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#### Albert

##### Well-known member

- Jan 25, 2013

- 1,225

$a,b,c \in N$

(1) $1<a<b<c$

(2)$(ab-1)(bc-1)(ca-1) \,\, mod \,\, (abc)=0$

$find :a,b,c$

(1) $1<a<b<c$

(2)$(ab-1)(bc-1)(ca-1) \,\, mod \,\, (abc)=0$

$find :a,b,c$

- Thread starter Albert
- Start date

- Thread starter
- #1

- Jan 25, 2013

- 1,225

$a,b,c \in N$

(1) $1<a<b<c$

(2)$(ab-1)(bc-1)(ca-1) \,\, mod \,\, (abc)=0$

$find :a,b,c$

(1) $1<a<b<c$

(2)$(ab-1)(bc-1)(ca-1) \,\, mod \,\, (abc)=0$

$find :a,b,c$

- May 31, 2013

- 118

\(\displaystyle \frac{(ab-1)(bc-1)(ca-1)}{abc}\) is not a fraction

\(\displaystyle abc-a-b-c+\frac{1}{a}+\frac{1}{b}+\frac{1}{c}-\frac{1}{abc}\) is not a fraction

So the little terms must sum it up to zero or 1 so,

\(\displaystyle \frac{1}{a}+\frac{1}{b}+\frac{1}{c}-\frac{1}{abc}=0\)(let)

\(\displaystyle \frac{ab+bc+ca-1}{abc}=0\)

\(\displaystyle ab+bc+ca=1\) which certainly can't be true

If,

\(\displaystyle \frac{1}{a}+\frac{1}{b}+\frac{1}{c}-\frac{1}{abc}=1\)

\(\displaystyle \frac{1}{a}+\frac{1}{b}+\frac{1}{c}=1+\frac{1}{abc}\)

But as \(\displaystyle a,b,c>1\) \(\displaystyle \frac{1}{a}+\frac{1}{b}+\frac{1}{c}\) has a maxmum value of 1 so there are no solutions to this one either so I arrived at "there are no such a,b,c"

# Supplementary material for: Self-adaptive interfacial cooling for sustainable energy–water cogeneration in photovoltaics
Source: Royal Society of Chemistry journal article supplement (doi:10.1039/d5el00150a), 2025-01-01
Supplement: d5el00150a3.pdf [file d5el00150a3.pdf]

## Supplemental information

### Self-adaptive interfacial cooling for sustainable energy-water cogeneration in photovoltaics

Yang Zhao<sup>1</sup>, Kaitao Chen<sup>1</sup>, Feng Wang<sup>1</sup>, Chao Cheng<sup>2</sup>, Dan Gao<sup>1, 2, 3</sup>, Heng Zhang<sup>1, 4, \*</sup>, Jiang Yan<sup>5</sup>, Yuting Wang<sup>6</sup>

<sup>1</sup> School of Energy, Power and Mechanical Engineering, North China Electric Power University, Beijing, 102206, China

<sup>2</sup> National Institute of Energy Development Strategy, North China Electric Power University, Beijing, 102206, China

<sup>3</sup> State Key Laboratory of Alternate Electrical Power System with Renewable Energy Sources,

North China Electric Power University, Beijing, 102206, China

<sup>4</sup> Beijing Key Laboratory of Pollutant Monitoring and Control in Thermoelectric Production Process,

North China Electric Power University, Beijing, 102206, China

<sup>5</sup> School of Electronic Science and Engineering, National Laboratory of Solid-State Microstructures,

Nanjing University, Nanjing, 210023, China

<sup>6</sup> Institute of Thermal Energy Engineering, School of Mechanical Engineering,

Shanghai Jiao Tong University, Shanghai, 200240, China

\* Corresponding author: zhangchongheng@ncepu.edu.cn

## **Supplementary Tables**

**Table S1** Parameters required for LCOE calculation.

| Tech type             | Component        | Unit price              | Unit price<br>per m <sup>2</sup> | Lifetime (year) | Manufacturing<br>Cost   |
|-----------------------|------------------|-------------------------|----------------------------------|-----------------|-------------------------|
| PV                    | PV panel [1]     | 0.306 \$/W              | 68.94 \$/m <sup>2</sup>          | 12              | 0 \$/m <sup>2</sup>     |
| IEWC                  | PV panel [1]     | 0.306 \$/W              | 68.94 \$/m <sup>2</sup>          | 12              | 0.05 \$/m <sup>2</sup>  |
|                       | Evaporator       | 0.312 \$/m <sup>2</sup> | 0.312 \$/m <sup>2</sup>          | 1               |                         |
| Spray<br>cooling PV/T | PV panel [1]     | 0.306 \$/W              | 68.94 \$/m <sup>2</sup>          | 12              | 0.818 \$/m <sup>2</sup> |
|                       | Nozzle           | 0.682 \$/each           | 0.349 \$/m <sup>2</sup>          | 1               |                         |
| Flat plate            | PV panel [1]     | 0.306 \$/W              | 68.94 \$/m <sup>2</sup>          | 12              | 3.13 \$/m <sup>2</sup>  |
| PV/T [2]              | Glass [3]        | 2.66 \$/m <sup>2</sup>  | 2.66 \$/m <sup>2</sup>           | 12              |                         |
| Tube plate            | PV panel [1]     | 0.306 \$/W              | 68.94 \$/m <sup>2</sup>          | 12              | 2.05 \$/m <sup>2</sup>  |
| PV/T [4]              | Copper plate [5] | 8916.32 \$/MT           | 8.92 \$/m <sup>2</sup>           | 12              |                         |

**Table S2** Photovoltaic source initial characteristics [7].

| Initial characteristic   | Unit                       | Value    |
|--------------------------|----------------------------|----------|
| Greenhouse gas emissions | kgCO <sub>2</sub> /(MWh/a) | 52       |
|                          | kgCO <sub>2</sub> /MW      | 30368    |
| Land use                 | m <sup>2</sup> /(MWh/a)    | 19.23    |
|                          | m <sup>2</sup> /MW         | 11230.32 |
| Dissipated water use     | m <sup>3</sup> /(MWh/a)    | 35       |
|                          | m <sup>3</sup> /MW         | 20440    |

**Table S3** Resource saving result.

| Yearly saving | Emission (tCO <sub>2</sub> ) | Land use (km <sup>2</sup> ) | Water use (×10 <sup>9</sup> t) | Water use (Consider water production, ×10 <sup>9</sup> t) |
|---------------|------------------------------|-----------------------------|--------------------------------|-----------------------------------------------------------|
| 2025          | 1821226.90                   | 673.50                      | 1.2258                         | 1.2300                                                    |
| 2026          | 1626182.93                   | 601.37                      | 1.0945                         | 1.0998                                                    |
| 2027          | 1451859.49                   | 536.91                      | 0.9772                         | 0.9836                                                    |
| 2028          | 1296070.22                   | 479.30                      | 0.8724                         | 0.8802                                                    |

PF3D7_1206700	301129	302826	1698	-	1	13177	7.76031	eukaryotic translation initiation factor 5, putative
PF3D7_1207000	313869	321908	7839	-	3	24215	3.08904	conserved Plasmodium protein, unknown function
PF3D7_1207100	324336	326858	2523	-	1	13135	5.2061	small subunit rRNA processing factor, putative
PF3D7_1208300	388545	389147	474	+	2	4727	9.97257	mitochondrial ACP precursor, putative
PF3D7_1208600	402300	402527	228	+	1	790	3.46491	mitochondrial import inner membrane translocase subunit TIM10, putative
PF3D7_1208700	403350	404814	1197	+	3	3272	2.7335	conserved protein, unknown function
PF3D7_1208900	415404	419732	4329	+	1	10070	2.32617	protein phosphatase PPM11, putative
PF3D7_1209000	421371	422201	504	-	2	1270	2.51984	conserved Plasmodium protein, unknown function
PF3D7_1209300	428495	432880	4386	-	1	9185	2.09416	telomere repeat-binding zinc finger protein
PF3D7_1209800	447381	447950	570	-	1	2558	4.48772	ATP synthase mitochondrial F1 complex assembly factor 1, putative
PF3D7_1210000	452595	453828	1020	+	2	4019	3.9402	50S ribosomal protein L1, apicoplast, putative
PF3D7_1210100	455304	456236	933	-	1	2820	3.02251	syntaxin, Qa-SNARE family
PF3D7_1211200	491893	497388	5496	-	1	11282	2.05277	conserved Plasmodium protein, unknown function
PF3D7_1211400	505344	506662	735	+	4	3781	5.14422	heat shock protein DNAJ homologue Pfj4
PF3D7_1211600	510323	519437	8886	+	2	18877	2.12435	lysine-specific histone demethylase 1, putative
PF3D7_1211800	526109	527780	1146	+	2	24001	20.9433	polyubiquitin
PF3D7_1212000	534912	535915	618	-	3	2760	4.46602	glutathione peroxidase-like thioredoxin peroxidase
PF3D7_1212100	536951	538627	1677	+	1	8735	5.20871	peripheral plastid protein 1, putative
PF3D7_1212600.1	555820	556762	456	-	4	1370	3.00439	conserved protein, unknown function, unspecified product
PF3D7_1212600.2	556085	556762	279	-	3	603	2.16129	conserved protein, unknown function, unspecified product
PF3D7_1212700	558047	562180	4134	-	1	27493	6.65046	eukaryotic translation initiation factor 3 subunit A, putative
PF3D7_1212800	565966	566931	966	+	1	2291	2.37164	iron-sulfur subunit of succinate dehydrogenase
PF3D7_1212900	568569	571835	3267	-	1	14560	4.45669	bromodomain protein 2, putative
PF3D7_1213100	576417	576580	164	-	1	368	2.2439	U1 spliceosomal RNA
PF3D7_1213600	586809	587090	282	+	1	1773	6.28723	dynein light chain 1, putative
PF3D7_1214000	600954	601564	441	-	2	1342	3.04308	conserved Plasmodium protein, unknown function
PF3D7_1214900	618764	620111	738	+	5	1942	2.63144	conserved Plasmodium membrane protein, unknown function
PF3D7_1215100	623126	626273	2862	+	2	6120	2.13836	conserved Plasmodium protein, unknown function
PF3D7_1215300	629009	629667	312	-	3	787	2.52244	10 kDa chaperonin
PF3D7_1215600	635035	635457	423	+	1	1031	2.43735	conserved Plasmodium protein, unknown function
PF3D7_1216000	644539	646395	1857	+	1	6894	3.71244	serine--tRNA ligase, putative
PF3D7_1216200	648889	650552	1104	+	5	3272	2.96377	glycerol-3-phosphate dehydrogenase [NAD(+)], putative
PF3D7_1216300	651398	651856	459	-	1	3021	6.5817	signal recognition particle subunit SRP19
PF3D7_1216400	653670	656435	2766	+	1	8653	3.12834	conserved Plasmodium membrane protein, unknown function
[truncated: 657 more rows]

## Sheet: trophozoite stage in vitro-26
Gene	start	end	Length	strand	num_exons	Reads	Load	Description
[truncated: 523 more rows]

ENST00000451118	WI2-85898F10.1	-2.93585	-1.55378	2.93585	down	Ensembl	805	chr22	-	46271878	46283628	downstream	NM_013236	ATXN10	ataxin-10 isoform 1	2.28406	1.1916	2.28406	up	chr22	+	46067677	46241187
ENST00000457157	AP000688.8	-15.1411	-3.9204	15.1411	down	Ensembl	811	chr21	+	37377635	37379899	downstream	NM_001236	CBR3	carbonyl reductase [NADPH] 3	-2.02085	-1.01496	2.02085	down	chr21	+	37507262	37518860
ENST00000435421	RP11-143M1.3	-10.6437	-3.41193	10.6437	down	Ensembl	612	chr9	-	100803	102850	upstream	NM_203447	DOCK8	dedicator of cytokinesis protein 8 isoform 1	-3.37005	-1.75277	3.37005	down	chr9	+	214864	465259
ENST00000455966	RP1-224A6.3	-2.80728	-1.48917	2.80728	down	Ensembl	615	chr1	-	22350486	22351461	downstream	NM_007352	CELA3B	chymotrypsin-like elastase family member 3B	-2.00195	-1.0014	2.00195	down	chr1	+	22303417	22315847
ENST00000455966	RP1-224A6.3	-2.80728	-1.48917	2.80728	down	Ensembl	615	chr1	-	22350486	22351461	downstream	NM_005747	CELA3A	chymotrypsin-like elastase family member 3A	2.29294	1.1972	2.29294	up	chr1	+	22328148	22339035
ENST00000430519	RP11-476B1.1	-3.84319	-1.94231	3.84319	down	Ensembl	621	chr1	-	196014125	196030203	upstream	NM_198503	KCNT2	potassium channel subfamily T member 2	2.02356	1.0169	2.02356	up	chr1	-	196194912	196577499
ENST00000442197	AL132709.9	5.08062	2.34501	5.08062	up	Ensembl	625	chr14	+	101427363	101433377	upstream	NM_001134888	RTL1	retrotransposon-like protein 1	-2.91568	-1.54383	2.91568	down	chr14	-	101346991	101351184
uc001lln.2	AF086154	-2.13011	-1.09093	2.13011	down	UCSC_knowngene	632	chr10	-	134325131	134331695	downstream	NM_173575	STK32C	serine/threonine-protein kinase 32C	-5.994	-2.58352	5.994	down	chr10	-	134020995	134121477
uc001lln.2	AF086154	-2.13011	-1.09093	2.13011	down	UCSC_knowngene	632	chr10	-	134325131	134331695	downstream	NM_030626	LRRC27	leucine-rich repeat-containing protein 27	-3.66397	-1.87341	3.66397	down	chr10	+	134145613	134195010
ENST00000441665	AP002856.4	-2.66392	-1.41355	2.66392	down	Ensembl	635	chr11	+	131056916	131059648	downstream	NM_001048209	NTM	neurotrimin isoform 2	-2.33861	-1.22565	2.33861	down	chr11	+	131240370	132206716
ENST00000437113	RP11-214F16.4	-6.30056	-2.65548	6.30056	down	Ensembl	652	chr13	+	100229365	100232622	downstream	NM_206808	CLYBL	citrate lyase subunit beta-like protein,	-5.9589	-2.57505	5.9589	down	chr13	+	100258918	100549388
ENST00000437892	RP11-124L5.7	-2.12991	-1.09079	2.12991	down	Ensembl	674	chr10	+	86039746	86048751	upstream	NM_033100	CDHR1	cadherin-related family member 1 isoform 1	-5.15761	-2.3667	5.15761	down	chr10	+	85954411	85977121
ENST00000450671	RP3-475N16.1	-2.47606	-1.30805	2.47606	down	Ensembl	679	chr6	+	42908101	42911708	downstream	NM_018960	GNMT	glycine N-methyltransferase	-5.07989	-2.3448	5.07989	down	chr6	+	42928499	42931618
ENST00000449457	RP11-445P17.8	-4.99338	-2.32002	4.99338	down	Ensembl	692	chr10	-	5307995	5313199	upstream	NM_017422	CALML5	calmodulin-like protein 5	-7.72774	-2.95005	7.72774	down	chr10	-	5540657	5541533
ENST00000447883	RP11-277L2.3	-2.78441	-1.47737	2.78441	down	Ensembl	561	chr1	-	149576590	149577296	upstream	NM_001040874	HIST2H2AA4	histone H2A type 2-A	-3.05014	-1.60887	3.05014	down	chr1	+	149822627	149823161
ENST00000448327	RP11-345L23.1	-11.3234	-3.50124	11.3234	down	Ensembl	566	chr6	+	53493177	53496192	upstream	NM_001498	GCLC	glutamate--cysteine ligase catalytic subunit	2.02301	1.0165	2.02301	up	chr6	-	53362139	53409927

Did I do something wrong?

- Mar 22, 2013

- 573

(*) Note that this doesn't mean there are no other. I haven't even revealed half of the solution yet. Keep trying!

- May 31, 2013

- 118

max value is not 1 \(\displaystyle its \frac{13}{12}\).....has a maxmum value of 1.....

- - - Updated - - -

But,I guess (2,3,5) is the only solution....

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- #5

- Jan 25, 2013

- 1,225

yes (2,3,5) is the only solution..,but how to get the answer ?But,I guess (2,3,5) is the only solution....

- May 31, 2013

- 118

\(\displaystyle \frac{1}{a}+\frac{1}{b}+\frac{1}{c}=1+\frac{1}{abc}\)

L.H.S to be greater than one (a,b) should be (2,3) substituting them rest is linear equation

\(\displaystyle \frac{1}{2}+\frac{1}{3}+\frac{1}{c}=1+\frac{1}{6c}\)

\(\displaystyle c=5\)

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- #7

- Jan 25, 2013

- 1,225

very nice solution

\(\displaystyle \frac{1}{a}+\frac{1}{b}+\frac{1}{c}=1+\frac{1}{abc}\)

L.H.S to be greater than one (a,b) should be (2,3) substituting them rest is linear equation

\(\displaystyle \frac{1}{2}+\frac{1}{3}+\frac{1}{c}=1+\frac{1}{6c}\)

\(\displaystyle c=5\)